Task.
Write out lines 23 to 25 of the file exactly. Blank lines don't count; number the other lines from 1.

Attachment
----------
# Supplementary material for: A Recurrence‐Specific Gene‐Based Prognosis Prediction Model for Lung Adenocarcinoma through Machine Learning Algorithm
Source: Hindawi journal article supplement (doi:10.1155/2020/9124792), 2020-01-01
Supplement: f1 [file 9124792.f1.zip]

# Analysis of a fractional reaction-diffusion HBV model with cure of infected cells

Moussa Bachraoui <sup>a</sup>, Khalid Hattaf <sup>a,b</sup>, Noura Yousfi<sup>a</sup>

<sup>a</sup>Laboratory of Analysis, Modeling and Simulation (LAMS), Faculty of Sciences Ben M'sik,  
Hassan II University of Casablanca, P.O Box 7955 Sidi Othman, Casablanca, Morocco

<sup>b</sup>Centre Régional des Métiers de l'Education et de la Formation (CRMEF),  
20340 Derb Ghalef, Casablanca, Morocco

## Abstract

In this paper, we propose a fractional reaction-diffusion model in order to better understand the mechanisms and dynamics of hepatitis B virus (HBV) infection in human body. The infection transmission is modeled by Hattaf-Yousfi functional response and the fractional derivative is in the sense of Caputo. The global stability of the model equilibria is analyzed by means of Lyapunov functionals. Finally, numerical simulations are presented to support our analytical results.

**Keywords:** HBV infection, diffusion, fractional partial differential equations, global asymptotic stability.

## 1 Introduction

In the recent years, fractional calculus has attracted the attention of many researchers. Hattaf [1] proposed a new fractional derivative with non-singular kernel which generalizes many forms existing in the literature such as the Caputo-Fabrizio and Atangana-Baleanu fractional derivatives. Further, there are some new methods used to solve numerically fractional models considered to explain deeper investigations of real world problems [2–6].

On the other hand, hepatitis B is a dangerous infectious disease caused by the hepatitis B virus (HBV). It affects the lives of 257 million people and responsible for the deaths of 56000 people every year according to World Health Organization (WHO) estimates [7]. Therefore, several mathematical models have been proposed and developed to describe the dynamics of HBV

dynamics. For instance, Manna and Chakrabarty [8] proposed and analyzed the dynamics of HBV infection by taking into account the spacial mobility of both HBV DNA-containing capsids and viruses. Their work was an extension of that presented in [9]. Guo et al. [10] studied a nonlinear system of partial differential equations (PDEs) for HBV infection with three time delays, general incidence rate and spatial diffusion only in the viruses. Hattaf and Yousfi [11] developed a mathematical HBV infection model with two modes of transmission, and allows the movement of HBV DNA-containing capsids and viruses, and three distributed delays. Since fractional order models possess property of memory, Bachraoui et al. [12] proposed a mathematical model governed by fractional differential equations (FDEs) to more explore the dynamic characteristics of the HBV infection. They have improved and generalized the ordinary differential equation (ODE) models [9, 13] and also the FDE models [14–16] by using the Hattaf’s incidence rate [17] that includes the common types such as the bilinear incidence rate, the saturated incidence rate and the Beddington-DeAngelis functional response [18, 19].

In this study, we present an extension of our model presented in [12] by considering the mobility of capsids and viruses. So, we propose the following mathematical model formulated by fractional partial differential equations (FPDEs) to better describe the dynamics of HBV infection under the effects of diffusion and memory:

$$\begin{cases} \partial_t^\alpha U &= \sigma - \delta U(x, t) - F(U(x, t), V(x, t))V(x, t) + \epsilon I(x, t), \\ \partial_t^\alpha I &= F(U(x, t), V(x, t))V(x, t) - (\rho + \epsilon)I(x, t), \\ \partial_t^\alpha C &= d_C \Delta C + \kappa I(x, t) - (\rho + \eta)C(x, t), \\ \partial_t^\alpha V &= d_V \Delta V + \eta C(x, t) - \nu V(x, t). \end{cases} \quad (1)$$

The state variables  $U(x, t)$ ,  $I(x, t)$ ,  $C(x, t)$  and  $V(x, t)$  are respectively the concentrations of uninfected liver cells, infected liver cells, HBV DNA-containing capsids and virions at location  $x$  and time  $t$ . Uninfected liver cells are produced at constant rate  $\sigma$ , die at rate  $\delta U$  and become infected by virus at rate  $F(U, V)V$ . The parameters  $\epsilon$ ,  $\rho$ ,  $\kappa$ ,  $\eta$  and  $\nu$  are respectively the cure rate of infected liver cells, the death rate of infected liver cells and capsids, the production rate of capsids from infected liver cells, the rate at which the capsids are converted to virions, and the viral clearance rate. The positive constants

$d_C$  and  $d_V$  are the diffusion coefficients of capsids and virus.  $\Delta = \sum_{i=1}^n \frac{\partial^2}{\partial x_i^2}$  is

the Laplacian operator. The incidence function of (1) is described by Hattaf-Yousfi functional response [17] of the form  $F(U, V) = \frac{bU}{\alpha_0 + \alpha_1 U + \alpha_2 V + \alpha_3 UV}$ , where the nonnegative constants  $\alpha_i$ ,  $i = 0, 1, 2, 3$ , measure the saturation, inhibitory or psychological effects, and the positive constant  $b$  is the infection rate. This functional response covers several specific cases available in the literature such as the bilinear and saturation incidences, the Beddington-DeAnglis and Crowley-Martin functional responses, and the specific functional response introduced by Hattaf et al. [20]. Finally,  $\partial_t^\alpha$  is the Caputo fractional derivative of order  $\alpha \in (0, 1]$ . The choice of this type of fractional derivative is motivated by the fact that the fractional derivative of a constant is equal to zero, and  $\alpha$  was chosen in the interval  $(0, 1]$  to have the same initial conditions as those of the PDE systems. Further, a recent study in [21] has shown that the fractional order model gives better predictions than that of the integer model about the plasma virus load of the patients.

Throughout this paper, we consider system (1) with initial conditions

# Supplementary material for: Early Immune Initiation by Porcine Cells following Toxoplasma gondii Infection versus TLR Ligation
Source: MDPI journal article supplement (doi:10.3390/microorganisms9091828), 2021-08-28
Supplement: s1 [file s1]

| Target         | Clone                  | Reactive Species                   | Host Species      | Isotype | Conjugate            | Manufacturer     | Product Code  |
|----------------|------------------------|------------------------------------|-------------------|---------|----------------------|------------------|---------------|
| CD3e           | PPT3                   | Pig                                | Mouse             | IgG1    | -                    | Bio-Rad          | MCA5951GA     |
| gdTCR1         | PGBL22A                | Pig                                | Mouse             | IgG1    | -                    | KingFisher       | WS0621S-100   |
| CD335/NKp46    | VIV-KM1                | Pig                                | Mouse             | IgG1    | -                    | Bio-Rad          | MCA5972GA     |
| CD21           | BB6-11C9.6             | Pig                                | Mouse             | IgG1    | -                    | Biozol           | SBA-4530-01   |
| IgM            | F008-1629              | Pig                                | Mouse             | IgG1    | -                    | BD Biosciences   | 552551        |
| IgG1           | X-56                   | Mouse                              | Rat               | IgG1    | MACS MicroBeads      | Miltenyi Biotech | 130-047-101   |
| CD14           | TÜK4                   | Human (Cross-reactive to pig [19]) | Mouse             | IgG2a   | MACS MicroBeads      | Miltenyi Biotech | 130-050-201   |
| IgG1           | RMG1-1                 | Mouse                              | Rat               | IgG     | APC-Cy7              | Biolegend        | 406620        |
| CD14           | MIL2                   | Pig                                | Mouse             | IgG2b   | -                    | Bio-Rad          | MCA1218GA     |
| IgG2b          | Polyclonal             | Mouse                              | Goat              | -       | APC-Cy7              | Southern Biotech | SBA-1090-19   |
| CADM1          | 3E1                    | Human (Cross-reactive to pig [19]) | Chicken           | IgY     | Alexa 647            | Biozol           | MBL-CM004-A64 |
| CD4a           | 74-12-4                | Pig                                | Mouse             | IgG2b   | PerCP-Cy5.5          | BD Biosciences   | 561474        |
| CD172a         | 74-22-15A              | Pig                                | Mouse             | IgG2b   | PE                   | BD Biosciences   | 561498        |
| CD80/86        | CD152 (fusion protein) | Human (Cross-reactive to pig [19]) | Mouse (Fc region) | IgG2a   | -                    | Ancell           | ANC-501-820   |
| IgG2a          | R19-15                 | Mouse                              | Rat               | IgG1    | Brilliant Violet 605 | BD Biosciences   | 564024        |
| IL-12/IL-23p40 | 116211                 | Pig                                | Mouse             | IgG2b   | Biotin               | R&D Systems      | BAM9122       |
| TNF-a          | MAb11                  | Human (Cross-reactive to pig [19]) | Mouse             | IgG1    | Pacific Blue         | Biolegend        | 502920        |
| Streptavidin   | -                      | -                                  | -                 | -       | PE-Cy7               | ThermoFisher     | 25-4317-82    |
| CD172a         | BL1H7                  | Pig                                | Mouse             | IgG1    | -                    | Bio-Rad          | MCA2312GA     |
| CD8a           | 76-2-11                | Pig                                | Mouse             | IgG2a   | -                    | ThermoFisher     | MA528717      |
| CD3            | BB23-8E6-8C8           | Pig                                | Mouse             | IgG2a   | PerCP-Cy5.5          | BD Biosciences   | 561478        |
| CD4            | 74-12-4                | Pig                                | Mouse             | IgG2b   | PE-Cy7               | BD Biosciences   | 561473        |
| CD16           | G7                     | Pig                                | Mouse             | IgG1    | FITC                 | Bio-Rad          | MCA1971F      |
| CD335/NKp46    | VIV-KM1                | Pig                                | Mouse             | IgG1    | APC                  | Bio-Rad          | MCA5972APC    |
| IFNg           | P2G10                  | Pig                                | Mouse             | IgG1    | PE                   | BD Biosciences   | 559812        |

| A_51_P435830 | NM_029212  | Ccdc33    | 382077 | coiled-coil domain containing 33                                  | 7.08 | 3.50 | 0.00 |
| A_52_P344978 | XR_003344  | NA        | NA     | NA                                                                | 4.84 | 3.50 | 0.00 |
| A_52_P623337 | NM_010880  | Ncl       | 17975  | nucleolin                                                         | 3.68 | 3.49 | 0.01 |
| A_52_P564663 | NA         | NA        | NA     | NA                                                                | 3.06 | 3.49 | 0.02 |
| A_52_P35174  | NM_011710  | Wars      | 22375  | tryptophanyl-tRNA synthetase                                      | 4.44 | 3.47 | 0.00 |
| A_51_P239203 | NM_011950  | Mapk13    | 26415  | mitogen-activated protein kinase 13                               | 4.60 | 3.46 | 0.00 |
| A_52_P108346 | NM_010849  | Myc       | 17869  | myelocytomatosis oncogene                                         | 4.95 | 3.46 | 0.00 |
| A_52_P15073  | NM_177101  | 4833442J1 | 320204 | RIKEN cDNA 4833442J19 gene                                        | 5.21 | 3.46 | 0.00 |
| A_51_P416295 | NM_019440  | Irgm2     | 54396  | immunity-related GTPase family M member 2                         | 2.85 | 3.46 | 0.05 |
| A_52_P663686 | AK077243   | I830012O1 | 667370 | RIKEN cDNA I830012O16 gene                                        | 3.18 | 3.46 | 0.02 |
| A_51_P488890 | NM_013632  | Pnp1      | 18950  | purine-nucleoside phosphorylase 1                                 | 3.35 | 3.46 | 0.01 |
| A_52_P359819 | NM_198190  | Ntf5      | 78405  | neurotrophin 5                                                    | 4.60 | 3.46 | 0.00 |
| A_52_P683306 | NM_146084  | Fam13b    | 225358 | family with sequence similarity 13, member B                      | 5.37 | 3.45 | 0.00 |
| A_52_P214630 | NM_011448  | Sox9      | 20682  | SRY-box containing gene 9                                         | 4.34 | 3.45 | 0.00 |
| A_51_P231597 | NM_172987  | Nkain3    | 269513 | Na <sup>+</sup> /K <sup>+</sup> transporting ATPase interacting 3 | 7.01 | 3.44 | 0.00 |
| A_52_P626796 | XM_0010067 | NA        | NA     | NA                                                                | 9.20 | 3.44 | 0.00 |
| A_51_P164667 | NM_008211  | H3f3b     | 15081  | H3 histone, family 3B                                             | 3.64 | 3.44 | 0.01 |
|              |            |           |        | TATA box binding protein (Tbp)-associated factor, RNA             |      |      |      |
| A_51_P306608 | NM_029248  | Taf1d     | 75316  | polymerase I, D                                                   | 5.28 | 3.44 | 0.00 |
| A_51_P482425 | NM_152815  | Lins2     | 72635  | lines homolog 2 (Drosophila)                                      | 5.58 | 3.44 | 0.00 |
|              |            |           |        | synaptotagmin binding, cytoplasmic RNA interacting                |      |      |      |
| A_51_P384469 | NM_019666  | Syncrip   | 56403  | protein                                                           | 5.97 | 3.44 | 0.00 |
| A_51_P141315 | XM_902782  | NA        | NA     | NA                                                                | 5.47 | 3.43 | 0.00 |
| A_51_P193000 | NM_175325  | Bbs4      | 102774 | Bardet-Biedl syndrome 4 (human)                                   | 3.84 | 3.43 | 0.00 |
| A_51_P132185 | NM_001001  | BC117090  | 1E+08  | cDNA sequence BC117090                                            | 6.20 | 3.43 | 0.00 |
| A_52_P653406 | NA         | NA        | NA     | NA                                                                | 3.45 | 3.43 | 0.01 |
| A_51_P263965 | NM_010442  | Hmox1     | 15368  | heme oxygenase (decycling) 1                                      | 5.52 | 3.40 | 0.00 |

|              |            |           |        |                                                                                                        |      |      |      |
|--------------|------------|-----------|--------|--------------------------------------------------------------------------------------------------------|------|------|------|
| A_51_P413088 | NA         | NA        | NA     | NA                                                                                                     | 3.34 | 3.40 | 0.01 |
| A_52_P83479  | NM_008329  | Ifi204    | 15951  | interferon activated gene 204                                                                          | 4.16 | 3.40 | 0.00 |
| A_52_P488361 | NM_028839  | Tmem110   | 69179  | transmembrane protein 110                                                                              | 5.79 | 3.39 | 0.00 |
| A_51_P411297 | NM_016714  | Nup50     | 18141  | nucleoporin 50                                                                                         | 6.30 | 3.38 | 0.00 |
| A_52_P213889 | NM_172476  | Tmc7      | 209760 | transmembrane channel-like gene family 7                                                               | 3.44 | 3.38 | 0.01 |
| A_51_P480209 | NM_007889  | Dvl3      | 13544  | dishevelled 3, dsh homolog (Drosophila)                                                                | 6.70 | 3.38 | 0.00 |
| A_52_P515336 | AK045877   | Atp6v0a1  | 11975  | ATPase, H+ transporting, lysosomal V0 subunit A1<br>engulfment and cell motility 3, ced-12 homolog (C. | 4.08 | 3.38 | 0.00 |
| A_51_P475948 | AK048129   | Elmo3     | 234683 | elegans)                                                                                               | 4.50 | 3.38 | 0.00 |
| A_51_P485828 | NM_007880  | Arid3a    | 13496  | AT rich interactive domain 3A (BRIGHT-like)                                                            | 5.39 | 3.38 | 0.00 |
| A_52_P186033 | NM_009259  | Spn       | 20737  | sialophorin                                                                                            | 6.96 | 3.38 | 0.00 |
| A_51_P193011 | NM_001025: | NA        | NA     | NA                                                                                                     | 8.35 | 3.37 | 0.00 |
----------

# Supplementary material for: Early Immune Initiation by Porcine Cells following Toxoplasma gondii Infection versus TLR Ligation
Source: MDPI journal article supplement (doi:10.3390/microorganisms9091828), 2021-08-28
Supplement: s1 [file s1]